Emily Hultstrand, a junior elementary education major, has never considered herself tech savvy, but it hasn’t kept her from learning online Google-based teaching tools to prepare for working in a new world of remote instruction due to the COVID-19 pandemic.
“I have never been the best with technology even though I have mostly grown up around it,” Hultstrand said. “Classrooms and teaching jobs today are becoming more online than paper instructed more and more.”
Hultstrand is among the AUM education majors earning their Google Certified Educator Level 1 certification through AUM’s newly redesigned online course “INST 4703 Educational Technology.” The course was recently revamped to focus on using Google in education, a growing trend in school districts across the nation transitioning to remote instruction due to the pandemic.
“We’ve discovered that many school districts are looking to hire educators with experience using Google platforms,” said Janice Newlin, AUM’s instructor for the online course. “As pre-service teachers, AUM College of Education students becoming Google certified is a concrete way to show their ability to use technology as an instructional tool.”
The certification also gives AUM pre-service teachers an edge with their future job-hunting process, Newlin said. Students must pass a rigorous certification exam, which verifies their ability to use Google products such as Google Drive, Classroom, and YouTube in a classroom setting, she said.
“Passing the exam demonstrates that a pre-service teacher is proficiently able to use Google Workspace for Education products, tools, and apps to best teach their future students and support them in their learning,” she said. Becoming a Google Certified Educator also makes one more marketable for a teaching position.”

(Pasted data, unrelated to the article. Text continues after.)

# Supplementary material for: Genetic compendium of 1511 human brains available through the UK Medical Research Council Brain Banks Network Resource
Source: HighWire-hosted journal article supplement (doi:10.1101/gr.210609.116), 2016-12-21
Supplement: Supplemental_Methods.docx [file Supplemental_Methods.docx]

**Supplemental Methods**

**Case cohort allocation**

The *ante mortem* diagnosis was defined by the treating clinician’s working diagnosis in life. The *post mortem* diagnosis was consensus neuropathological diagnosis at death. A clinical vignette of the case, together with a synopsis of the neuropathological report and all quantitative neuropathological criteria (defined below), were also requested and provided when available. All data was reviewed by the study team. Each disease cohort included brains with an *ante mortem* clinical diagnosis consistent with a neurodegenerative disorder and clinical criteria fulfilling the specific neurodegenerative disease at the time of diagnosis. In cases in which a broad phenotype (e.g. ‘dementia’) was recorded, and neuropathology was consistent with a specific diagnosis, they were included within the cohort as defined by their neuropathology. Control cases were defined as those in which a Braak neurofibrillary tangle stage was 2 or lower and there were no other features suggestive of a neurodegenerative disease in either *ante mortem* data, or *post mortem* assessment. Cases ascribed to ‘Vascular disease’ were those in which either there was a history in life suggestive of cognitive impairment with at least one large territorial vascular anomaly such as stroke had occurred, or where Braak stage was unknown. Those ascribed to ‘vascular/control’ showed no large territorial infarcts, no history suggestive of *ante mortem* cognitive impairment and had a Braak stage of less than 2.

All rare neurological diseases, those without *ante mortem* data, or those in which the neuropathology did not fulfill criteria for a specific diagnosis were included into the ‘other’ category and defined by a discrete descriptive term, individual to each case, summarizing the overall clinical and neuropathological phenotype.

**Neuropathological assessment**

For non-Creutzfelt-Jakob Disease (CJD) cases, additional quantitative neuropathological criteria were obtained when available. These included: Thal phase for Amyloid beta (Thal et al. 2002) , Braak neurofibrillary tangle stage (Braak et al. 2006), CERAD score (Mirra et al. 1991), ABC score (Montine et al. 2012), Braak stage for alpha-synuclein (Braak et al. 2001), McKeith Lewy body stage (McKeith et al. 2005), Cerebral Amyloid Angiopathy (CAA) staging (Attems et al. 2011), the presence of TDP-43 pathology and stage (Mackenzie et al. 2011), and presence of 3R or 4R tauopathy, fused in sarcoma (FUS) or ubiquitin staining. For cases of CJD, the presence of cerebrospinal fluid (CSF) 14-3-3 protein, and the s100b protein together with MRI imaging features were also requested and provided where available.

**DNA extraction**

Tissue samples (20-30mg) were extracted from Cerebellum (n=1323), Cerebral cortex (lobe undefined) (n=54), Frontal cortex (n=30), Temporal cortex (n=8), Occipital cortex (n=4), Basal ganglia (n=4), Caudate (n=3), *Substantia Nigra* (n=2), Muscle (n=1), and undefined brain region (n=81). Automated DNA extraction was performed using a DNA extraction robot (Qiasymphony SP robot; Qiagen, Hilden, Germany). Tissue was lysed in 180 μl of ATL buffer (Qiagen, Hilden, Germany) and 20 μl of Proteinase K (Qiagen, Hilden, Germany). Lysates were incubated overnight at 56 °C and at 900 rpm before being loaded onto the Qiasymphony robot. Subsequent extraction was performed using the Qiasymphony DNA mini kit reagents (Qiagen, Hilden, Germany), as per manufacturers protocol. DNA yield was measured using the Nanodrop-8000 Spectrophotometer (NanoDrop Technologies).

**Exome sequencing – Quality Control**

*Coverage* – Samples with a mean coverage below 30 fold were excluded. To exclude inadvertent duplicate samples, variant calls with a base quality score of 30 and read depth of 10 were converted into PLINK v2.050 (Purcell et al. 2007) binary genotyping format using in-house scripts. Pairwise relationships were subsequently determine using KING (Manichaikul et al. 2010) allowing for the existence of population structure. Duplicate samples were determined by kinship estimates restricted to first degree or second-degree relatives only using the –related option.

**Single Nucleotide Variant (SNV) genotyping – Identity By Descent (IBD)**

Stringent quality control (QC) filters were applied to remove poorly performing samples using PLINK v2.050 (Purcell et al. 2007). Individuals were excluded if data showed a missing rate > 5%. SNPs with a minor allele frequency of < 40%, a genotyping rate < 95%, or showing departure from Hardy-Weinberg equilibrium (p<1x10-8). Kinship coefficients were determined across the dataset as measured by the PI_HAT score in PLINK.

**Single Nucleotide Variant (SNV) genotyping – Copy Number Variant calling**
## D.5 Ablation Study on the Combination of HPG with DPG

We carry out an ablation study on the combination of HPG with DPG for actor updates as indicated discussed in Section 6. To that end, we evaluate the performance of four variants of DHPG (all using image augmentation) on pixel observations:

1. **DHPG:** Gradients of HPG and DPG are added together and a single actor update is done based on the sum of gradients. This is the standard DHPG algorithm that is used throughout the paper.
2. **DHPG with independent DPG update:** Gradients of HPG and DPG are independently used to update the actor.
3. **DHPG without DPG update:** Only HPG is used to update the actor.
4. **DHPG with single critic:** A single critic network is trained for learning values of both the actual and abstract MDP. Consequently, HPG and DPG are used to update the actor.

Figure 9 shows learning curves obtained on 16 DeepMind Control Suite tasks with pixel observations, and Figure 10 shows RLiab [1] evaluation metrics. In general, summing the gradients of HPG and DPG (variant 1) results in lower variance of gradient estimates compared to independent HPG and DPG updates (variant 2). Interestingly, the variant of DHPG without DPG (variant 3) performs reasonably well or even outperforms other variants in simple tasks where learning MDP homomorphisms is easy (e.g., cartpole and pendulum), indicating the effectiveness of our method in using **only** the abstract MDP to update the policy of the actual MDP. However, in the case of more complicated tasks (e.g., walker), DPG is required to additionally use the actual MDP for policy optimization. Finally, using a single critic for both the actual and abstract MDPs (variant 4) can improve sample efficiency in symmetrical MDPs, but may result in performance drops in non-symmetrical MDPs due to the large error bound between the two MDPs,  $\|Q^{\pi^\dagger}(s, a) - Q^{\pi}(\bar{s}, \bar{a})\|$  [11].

Today, Google Classroom is used used by over 150 million students, teachers and school admins — up from just 40 million last year — as a result of the pandemic, according to TechCrunch.com.
Due to the pandemic, AUM education majors have had to connect the dots to see how the online delivery of content is becoming an important part of the new normal, Newlin said. Approximately 30 education students have taken the certification exam, she said.
“This is our first semester offering the certification” she said. “Our goal is to prepare students for the certification exam and introduce them to new ways to use technology as a teaching tool.”
As part of AUM’s redesigned “INST 4703 Educational Technology” course, students are introduced primarily to Google’s cloud-based office suite, Google Chrome, communication and organization, productivity, video and online skills, virtual classroom management and meetings, video editing, the Schoology learning management system, digital citizenship, and the importance of personal learning networks.
Along with the Google online training resources, Newlin creates modules with how-to videos and tasks for students to build their proficiency by using each Google tool. About mid-semester, students complete training modules and are registered to take the exam, Newlin said.
“Not only does this training focus on learning about Google Workspace tools, it also focuses on using the tools with a specific focus on pedagogy and education,” she said.